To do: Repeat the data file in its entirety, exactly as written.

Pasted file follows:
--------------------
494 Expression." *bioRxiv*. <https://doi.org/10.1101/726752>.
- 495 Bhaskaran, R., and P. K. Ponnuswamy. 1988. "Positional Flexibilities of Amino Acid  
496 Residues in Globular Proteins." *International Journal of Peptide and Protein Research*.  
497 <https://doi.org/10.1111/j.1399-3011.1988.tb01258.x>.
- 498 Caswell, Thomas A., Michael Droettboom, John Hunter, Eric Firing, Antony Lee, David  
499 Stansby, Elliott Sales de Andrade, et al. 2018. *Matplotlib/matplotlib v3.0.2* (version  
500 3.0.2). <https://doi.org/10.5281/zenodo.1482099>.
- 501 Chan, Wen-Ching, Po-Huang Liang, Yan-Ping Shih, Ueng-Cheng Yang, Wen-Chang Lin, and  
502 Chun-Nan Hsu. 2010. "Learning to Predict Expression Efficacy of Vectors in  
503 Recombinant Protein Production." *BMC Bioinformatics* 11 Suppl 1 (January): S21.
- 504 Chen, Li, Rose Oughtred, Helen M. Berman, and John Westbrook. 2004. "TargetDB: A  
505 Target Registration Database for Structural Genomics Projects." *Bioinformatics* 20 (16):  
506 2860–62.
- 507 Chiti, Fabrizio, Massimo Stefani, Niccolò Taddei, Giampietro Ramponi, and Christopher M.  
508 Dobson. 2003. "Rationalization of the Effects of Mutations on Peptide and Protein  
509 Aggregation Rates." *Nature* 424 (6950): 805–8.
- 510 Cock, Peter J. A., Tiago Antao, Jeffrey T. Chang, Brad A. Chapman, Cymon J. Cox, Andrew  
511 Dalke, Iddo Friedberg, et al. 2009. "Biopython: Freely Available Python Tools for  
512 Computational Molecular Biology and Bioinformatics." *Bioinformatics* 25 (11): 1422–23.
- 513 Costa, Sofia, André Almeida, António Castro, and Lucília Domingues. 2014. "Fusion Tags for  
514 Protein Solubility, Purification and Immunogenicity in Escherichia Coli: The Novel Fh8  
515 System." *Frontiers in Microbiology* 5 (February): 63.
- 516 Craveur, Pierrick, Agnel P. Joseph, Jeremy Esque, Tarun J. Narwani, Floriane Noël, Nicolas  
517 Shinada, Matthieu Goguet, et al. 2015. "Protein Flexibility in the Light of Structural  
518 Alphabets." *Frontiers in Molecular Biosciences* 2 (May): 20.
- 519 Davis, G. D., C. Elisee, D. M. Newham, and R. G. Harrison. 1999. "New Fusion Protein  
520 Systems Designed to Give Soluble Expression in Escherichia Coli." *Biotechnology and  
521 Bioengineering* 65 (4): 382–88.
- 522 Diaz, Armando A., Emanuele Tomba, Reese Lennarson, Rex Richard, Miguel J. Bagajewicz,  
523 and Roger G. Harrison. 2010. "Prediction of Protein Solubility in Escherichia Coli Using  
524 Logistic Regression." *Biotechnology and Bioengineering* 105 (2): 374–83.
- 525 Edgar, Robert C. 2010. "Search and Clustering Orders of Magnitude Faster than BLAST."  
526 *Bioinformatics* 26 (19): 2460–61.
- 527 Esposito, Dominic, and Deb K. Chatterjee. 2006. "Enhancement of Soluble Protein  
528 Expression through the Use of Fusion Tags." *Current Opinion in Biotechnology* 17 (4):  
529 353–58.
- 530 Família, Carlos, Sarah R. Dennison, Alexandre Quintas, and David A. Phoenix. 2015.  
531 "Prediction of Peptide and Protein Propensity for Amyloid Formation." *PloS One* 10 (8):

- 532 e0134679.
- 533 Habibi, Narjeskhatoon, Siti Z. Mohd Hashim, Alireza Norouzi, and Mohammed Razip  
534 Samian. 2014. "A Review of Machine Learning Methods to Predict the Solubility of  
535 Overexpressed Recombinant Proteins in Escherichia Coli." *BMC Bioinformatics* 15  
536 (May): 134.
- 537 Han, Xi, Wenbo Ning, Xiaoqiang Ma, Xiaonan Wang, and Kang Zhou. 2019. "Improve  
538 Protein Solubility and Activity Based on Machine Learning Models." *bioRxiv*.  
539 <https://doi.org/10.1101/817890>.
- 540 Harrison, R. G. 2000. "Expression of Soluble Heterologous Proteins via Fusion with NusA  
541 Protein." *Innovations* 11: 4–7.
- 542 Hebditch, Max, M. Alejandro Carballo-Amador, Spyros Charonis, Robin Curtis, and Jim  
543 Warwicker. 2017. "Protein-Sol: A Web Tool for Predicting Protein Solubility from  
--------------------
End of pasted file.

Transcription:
494 Expression." *bioRxiv*. <https://doi.org/10.1101/726752>.
- 495 Bhaskaran, R., and P. K. Ponnuswamy. 1988. "Positional Flexibilities of Amino Acid  
496 Residues in Globular Proteins." *International Journal of Peptide and Protein Research*.  
497 <https://doi.org/10.1111/j.1399-3011.1988.tb01258.x>.
- 498 Caswell, Thomas A., Michael Droettboom, John Hunter, Eric Firing, Antony Lee, David  
499 Stansby, Elliott Sales de Andrade, et al. 2018. *Matplotlib/matplotlib v3.0.2* (version  
500 3.0.2). <https://doi.org/10.5281/zenodo.1482099>.
- 501 Chan, Wen-Ching, Po-Huang Liang, Yan-Ping Shih, Ueng-Cheng Yang, Wen-Chang Lin, and  
502 Chun-Nan Hsu. 2010. "Learning to Predict Expression Efficacy of Vectors in  
503 Recombinant Protein Production." *BMC Bioinformatics* 11 Suppl 1 (January): S21.
- 504 Chen, Li, Rose Oughtred, Helen M. Berman, and John Westbrook. 2004. "TargetDB: A  
505 Target Registration Database for Structural Genomics Projects." *Bioinformatics* 20 (16):  
506 2860–62.
- 507 Chiti, Fabrizio, Massimo Stefani, Niccolò Taddei, Giampietro Ramponi, and Christopher M.  
508 Dobson. 2003. "Rationalization of the Effects of Mutations on Peptide and Protein  
509 Aggregation Rates." *Nature* 424 (6950): 805–8.
- 510 Cock, Peter J. A., Tiago Antao, Jeffrey T. Chang, Brad A. Chapman, Cymon J. Cox, Andrew  
511 Dalke, Iddo Friedberg, et al. 2009. "Biopython: Freely Available Python Tools for  
512 Computational Molecular Biology and Bioinformatics." *Bioinformatics* 25 (11): 1422–23.
- 513 Costa, Sofia, André Almeida, António Castro, and Lucília Domingues. 2014. "Fusion Tags for  
514 Protein Solubility, Purification and Immunogenicity in Escherichia Coli: The Novel Fh8  
515 System." *Frontiers in Microbiology* 5 (February): 63.
- 516 Craveur, Pierrick, Agnel P. Joseph, Jeremy Esque, Tarun J. Narwani, Floriane Noël, Nicolas  
517 Shinada, Matthieu Goguet, et al. 2015. "Protein Flexibility in the Light of Structural  
518 Alphabets." *Frontiers in Molecular Biosciences* 2 (May): 20.
- 519 Davis, G. D., C. Elisee, D. M. Newham, and R. G. Harrison. 1999. "New Fusion Protein  
520 Systems Designed to Give Soluble Expression in Escherichia Coli." *Biotechnology and  
521 Bioengineering* 65 (4): 382–88.
- 522 Diaz, Armando A., Emanuele Tomba, Reese Lennarson, Rex Richard, Miguel J. Bagajewicz,  
523 and Roger G. Harrison. 2010. "Prediction of Protein Solubility in Escherichia Coli Using  
524 Logistic Regression." *Biotechnology and Bioengineering* 105 (2): 374–83.
- 525 Edgar, Robert C. 2010. "Search and Clustering Orders of Magnitude Faster than BLAST."  
526 *Bioinformatics* 26 (19): 2460–61.
- 527 Esposito, Dominic, and Deb K. Chatterjee. 2006. "Enhancement of Soluble Protein  
528 Expression through the Use of Fusion Tags." *Current Opinion in Biotechnology* 17 (4):  
529 353–58.
- 530 Família, Carlos, Sarah R. Dennison, Alexandre Quintas, and David A. Phoenix. 2015.  
531 "Prediction of Peptide and Protein Propensity for Amyloid Formation." *PloS One* 10 (8):

- 532 e0134679.
- 533 Habibi, Narjeskhatoon, Siti Z. Mohd Hashim, Alireza Norouzi, and Mohammed Razip  
534 Samian. 2014. "A Review of Machine Learning Methods to Predict the Solubility of  
535 Overexpressed Recombinant Proteins in Escherichia Coli." *BMC Bioinformatics* 15  
536 (May): 134.
- 537 Han, Xi, Wenbo Ning, Xiaoqiang Ma, Xiaonan Wang, and Kang Zhou. 2019. "Improve  
538 Protein Solubility and Activity Based on Machine Learning Models." *bioRxiv*.  
539 <https://doi.org/10.1101/817890>.
- 540 Harrison, R. G. 2000. "Expression of Soluble Heterologous Proteins via Fusion with NusA  
541 Protein." *Innovations* 11: 4–7.
- 542 Hebditch, Max, M. Alejandro Carballo-Amador, Spyros Charonis, Robin Curtis, and Jim  
543 Warwicker. 2017. "Protein-Sol: A Web Tool for Predicting Protein Solubility from  